I'm extremely hopeful that other aggrieved customers have received similar remedies and apologies. Even if this is a case of the squeaky wheel getting the grease -- which I highly doubt given the lack of resourcefulness in the Yankee ticket office, given that my name's not the one on the account -- not everybody's got the platform to speak up as I did and send a little ripple of dissent through the Yankees' world. The Yanks owe every single customer better treatment than the type we received, and they're not easily forgiven under the circumstances.
Just moments before I embarked for the Baseball Prospectus 2009 Baltimore whistle stop earlier this week, I got a call from my friend Nick, the "commissioner" of our aggrieved group of Yankees partial-plan ticket holders. Two weeks after turning down the team's generous offer to accept $85 dollar obstructed view seats behind the right field foul pole instead of $25 grandstand seats, a representative from the Yankees ticket office had phoned Nick to apologize for the way the ticket renewals had been handled, offering us a closer approximation to our initial request. Instead of a 20-game set of $25 grandstand seats between first and third base, we were offered $20 seats just beyond first, in section 413, three rows from the back of the stadium. No word on whether complimentary oxygen tanks would be provided.
As tempting as it might have been to tell the Yankees where to stick that offer given the way we and so many other fans had been treated, in the end, we accepted the deal. The desire to preserve the continuity of our 11-season tradition of making the occasional trip to the ballpark in each other's company outweighed our distaste for the new world order in the Bronx. Still, this is no happy ending. In spite of this belatedly semi-favorable outcome, this episode still represents one more data point in a long line of them detailing the demise of the Yankee brand, at least from the nosebleed seats where I sit.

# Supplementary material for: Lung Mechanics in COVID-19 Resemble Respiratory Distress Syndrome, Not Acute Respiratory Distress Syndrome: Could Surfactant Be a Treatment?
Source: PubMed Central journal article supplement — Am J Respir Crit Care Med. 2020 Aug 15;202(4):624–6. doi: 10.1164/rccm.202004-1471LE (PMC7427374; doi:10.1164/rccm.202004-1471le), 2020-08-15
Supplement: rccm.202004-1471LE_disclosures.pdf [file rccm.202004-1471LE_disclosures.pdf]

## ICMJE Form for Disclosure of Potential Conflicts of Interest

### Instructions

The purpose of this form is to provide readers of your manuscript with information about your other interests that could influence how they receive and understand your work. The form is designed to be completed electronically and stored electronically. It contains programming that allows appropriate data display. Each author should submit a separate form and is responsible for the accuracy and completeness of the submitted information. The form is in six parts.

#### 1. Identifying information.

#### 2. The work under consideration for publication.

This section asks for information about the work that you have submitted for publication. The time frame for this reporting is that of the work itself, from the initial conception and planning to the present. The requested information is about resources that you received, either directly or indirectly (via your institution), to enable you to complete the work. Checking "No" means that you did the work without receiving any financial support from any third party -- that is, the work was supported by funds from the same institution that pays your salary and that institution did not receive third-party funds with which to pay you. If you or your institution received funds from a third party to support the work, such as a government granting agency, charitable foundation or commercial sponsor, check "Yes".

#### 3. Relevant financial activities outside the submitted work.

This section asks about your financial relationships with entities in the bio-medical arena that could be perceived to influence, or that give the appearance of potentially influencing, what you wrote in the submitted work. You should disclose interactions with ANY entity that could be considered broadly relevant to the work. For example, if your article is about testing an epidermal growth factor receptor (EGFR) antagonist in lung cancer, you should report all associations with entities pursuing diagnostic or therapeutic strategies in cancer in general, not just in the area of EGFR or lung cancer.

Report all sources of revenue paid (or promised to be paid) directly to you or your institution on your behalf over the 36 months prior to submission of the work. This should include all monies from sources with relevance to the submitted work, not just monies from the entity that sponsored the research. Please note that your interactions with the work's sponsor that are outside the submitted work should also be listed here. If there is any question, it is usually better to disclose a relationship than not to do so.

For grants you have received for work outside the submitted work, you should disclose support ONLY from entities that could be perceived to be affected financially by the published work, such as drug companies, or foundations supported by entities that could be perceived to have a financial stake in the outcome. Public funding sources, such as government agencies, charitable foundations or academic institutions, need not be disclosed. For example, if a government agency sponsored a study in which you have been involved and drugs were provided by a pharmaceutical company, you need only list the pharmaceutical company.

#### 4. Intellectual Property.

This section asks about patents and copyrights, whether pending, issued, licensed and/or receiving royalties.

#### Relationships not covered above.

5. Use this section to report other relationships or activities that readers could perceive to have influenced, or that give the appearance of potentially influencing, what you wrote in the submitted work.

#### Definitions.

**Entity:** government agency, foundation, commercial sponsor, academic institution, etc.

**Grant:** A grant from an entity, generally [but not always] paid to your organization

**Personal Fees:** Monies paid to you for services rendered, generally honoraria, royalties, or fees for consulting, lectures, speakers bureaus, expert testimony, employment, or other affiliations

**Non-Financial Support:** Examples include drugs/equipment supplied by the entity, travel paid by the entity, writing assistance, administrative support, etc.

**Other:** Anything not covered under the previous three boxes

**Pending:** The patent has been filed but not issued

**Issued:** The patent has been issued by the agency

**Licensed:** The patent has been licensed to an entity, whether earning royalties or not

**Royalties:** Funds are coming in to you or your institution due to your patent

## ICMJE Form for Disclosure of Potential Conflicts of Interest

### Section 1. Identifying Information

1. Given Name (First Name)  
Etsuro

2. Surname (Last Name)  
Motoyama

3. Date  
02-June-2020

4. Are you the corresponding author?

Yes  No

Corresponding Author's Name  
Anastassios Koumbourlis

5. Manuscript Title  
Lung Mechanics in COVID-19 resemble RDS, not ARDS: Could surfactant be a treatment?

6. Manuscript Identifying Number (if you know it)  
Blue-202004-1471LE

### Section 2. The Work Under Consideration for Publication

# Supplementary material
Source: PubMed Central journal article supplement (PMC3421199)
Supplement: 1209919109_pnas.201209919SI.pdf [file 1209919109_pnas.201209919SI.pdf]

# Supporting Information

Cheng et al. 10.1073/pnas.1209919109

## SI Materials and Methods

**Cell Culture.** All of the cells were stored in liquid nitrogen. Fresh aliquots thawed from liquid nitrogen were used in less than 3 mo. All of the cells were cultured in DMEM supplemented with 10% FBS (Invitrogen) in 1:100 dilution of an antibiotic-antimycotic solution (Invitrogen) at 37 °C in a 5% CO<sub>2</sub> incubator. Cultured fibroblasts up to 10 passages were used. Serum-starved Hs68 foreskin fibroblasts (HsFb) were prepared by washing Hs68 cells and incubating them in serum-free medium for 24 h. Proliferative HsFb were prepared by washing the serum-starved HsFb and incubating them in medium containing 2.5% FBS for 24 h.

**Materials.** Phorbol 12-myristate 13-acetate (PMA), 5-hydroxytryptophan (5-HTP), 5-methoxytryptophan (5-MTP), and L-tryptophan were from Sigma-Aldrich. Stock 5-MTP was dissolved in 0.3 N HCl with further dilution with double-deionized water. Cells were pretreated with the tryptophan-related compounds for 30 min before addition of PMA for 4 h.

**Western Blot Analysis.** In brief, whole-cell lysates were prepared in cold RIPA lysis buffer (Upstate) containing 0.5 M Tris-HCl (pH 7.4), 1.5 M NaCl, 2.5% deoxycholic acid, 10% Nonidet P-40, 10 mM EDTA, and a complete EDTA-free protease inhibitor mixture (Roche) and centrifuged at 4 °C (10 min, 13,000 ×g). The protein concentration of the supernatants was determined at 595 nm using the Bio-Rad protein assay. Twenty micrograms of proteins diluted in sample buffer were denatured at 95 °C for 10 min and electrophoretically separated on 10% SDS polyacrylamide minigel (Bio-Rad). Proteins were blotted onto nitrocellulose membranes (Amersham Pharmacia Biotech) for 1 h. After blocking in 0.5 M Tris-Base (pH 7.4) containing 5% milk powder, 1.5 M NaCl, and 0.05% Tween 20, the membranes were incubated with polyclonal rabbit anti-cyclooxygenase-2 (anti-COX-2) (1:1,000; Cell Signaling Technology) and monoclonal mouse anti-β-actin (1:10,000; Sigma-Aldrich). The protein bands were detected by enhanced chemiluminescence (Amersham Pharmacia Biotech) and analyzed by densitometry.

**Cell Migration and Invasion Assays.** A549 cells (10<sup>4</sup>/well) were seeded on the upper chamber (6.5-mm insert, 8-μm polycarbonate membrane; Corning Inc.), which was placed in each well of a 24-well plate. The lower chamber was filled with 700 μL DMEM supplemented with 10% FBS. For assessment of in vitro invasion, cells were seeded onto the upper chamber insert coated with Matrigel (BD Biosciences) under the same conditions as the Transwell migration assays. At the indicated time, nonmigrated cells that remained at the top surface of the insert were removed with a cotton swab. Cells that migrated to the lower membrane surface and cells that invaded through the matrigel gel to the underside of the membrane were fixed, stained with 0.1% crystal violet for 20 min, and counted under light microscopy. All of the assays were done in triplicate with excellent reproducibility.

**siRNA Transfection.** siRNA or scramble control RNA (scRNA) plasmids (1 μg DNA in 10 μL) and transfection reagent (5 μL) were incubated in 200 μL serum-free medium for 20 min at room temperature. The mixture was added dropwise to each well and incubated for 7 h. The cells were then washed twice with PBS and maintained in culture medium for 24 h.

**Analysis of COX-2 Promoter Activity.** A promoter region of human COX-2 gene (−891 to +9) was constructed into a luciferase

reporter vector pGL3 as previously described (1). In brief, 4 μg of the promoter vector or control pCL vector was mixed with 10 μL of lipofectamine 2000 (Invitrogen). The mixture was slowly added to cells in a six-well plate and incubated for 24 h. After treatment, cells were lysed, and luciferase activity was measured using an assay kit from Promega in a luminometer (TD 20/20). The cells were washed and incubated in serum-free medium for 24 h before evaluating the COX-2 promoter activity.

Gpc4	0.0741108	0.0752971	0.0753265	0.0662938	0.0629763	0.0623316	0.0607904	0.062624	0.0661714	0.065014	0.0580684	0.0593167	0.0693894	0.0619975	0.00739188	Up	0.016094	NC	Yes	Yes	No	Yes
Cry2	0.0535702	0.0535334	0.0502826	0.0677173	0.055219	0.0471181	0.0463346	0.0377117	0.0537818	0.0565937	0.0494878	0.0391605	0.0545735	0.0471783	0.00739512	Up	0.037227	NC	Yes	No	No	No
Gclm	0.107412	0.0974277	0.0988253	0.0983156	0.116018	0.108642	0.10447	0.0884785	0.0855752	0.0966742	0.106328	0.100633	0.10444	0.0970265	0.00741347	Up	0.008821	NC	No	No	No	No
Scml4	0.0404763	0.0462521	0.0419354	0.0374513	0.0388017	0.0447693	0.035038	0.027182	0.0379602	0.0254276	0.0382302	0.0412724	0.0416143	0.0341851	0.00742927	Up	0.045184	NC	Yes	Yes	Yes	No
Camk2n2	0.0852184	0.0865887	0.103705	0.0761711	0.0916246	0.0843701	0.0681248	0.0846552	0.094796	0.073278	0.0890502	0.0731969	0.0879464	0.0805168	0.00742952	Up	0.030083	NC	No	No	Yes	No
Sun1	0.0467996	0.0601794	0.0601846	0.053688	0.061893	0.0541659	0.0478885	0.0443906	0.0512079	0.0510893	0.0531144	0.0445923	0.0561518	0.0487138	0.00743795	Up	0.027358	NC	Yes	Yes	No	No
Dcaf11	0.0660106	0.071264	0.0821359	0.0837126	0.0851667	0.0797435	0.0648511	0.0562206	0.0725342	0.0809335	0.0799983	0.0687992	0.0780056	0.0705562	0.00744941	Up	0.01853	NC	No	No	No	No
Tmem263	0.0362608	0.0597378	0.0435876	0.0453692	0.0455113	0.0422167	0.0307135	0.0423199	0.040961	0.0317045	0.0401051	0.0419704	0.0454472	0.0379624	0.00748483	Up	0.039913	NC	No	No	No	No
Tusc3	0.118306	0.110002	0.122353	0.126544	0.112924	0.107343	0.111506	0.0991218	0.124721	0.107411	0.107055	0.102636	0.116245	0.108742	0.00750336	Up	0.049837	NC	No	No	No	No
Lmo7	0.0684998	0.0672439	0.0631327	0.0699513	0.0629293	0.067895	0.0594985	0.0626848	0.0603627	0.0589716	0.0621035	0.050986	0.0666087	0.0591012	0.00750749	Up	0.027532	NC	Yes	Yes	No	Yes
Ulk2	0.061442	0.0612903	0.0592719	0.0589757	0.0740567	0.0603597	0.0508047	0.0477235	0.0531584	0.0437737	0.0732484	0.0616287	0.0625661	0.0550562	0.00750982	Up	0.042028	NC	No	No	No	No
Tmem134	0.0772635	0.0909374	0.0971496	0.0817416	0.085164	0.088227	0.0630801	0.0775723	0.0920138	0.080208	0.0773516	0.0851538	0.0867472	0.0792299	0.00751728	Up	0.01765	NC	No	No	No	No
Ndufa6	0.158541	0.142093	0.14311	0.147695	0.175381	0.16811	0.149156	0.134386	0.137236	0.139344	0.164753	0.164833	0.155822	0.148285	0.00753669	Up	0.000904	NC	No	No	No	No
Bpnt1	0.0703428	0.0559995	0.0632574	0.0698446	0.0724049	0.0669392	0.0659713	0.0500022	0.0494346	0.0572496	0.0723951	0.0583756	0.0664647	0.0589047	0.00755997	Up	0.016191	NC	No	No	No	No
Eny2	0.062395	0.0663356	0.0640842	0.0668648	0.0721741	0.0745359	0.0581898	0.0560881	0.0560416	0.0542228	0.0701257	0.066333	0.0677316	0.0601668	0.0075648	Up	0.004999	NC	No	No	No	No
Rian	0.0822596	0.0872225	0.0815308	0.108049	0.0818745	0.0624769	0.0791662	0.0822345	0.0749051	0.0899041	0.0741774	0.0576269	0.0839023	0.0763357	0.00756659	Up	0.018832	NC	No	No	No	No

As it is, we're only spending about one-quarter of the dollars did on last year's 26-game Flex Plan Tier Box seats—a steep decline in our outlay which makes it clear we've voted with our wallets. We've lost our automatic access to playoff tickets, but particularly since 2004, the last time the Yanks made it to the ALCS, that's scarcely amounted to more than a winter-long interest-free loan for tickets to games that never happened.
Prior to the public on-sale, all Yankees Premium, Full-Season and 41-Game Ticket Licensees will be able to purchase individual-game tickets, online only, via a pre-on-sale on Thursday, March 19. On the following day, Friday, March 20, all other Partial Plan Licensees (of 20-, 15-, 12- and 11-Game Plans) will be permitted to purchase individual-game tickets online only as well. For complete information, including ticket limits, please visit yankees.com.Backing up a bit... if you simply want to attempt to think about possibly trying to take a chance on buying single-game tickets, you have to register for a random drawing and be one of the lucky souls who wins a golden ticket pulled out of Randy Levine's buttcrack or something, and even then you're still third in line behind the season-ticket and 41-game holders, and then the partial-plan holders, each of whom gets a separate day to pick over the non-plan seats and put them up for sale on Stub Hub because after all, they've already gotten their seats. Swell.
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